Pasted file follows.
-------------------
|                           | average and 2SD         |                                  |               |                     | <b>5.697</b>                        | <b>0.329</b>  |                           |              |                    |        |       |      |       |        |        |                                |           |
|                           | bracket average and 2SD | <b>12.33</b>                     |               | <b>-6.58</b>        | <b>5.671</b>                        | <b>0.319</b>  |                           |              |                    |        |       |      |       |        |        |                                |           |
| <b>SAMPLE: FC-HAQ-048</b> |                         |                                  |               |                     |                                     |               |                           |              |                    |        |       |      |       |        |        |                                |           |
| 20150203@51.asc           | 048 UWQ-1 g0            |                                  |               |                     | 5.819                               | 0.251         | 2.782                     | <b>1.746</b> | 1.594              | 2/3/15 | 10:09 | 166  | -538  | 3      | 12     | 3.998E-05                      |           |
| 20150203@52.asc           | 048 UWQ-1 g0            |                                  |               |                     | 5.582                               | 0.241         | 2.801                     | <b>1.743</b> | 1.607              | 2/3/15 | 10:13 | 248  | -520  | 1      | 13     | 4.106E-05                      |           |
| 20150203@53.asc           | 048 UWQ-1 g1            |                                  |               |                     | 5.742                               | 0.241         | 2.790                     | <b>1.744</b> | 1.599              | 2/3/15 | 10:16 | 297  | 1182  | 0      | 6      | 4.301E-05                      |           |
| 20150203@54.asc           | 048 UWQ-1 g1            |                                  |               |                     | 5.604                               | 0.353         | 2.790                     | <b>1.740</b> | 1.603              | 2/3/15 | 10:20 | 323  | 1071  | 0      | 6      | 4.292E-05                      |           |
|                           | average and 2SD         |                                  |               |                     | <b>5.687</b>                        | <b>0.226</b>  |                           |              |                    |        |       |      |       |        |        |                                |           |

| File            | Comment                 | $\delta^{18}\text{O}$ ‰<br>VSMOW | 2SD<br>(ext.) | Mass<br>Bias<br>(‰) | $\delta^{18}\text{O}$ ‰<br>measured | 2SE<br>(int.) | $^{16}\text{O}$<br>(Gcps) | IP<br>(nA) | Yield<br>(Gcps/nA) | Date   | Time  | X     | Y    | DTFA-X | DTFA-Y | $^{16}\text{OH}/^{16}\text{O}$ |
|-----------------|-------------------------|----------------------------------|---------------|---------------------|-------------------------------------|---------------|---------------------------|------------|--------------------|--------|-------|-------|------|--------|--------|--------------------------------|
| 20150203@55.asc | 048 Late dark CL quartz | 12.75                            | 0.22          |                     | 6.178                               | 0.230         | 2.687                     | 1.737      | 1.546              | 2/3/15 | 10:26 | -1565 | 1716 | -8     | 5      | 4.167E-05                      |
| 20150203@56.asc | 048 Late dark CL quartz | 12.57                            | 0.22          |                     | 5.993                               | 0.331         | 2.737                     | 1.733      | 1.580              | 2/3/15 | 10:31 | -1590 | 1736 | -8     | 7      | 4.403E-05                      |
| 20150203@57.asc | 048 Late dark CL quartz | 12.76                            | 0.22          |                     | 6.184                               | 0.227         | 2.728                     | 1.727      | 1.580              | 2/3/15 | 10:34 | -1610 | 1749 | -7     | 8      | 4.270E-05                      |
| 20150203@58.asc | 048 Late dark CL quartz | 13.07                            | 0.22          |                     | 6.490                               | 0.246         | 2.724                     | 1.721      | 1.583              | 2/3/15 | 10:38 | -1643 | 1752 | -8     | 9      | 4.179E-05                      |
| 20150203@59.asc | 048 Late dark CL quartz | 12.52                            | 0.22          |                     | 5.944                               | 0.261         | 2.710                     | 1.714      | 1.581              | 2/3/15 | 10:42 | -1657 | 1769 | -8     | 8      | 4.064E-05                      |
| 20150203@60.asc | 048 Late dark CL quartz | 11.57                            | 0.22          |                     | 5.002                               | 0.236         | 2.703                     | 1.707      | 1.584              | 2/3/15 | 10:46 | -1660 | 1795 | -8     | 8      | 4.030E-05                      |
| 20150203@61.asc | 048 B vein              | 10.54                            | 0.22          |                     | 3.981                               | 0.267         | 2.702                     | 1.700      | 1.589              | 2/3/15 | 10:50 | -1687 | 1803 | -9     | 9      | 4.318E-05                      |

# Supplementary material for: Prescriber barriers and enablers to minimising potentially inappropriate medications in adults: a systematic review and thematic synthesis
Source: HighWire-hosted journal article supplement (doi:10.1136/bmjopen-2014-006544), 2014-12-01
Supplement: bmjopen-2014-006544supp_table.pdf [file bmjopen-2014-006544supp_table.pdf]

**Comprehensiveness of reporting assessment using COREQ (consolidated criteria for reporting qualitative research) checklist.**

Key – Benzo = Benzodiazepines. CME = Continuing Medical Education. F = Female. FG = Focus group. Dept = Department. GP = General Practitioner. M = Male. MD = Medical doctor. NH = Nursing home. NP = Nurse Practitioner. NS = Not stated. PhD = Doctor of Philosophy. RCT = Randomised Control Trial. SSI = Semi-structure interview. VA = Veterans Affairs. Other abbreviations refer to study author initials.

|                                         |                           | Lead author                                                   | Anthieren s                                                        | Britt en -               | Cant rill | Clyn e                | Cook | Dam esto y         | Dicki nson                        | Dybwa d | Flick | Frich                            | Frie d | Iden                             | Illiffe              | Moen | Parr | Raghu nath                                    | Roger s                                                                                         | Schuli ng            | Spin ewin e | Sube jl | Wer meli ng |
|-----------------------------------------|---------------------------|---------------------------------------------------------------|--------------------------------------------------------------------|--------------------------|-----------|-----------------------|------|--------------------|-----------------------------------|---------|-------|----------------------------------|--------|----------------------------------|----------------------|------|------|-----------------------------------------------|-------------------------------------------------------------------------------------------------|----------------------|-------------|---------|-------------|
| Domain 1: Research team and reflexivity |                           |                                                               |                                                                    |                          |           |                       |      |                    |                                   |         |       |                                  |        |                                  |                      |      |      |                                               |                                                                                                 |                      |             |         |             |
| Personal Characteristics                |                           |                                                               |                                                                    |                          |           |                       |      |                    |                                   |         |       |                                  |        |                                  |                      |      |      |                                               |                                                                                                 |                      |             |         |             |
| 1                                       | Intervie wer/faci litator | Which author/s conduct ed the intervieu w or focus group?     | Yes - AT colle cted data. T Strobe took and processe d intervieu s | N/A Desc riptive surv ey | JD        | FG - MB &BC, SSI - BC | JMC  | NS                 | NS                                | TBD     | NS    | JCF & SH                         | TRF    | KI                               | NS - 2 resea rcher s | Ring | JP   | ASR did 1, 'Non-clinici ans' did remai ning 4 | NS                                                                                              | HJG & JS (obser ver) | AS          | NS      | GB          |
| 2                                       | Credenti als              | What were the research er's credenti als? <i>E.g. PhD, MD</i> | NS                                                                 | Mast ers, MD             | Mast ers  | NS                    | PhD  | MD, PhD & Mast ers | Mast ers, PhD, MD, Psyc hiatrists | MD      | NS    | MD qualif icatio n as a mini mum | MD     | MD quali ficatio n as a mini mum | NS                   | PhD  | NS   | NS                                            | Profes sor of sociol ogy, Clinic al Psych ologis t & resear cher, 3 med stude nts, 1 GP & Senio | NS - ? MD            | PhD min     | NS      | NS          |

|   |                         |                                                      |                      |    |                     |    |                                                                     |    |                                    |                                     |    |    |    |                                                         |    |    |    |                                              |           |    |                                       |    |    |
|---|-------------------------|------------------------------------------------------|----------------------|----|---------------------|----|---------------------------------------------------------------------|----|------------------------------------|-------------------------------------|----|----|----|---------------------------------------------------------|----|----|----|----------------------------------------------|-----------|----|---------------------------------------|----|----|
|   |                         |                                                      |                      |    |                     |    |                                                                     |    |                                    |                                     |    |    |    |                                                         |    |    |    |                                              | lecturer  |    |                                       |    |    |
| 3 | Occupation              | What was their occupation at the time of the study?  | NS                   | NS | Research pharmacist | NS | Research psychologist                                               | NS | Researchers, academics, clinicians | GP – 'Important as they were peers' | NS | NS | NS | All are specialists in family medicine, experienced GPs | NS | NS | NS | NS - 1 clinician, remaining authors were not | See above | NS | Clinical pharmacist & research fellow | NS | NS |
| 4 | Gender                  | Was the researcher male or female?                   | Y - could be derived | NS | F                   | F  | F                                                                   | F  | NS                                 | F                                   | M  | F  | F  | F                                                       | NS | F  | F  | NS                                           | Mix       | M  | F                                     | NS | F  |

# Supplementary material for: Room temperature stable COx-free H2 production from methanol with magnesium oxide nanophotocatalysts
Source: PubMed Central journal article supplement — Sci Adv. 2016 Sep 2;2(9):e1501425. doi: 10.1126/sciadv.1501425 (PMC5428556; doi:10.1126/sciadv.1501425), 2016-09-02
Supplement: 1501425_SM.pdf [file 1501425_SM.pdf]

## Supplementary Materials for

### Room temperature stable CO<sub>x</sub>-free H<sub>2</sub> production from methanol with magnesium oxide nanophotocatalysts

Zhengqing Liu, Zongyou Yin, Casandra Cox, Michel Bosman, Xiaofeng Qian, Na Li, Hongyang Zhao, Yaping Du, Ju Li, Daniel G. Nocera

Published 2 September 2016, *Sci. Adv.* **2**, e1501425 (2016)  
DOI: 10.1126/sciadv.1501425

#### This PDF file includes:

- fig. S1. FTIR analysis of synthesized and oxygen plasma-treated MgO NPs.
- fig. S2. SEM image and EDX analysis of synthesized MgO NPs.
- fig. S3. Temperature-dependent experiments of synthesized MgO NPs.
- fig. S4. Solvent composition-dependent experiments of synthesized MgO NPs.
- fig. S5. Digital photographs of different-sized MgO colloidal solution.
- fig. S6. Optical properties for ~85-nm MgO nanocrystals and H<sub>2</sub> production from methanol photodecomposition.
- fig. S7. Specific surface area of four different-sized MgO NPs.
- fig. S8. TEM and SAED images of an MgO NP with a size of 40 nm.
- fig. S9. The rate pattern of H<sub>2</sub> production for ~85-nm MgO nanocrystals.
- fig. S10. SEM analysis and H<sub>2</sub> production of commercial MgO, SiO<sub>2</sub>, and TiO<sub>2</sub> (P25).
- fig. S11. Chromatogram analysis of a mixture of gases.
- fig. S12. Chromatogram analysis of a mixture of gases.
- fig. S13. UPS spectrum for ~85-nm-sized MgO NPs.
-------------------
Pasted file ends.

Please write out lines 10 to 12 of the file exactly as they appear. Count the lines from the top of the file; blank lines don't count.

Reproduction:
|-----------------|-------------------------|----------------------------------|---------------|---------------------|-------------------------------------|---------------|---------------------------|------------|--------------------|--------|-------|-------|------|--------|--------|--------------------------------|
| 20150203@55.asc | 048 Late dark CL quartz | 12.75                            | 0.22          |                     | 6.178                               | 0.230         | 2.687                     | 1.737      | 1.546              | 2/3/15 | 10:26 | -1565 | 1716 | -8     | 5      | 4.167E-05                      |
| 20150203@56.asc | 048 Late dark CL quartz | 12.57                            | 0.22          |                     | 5.993                               | 0.331         | 2.737                     | 1.733      | 1.580              | 2/3/15 | 10:31 | -1590 | 1736 | -8     | 7      | 4.403E-05                      |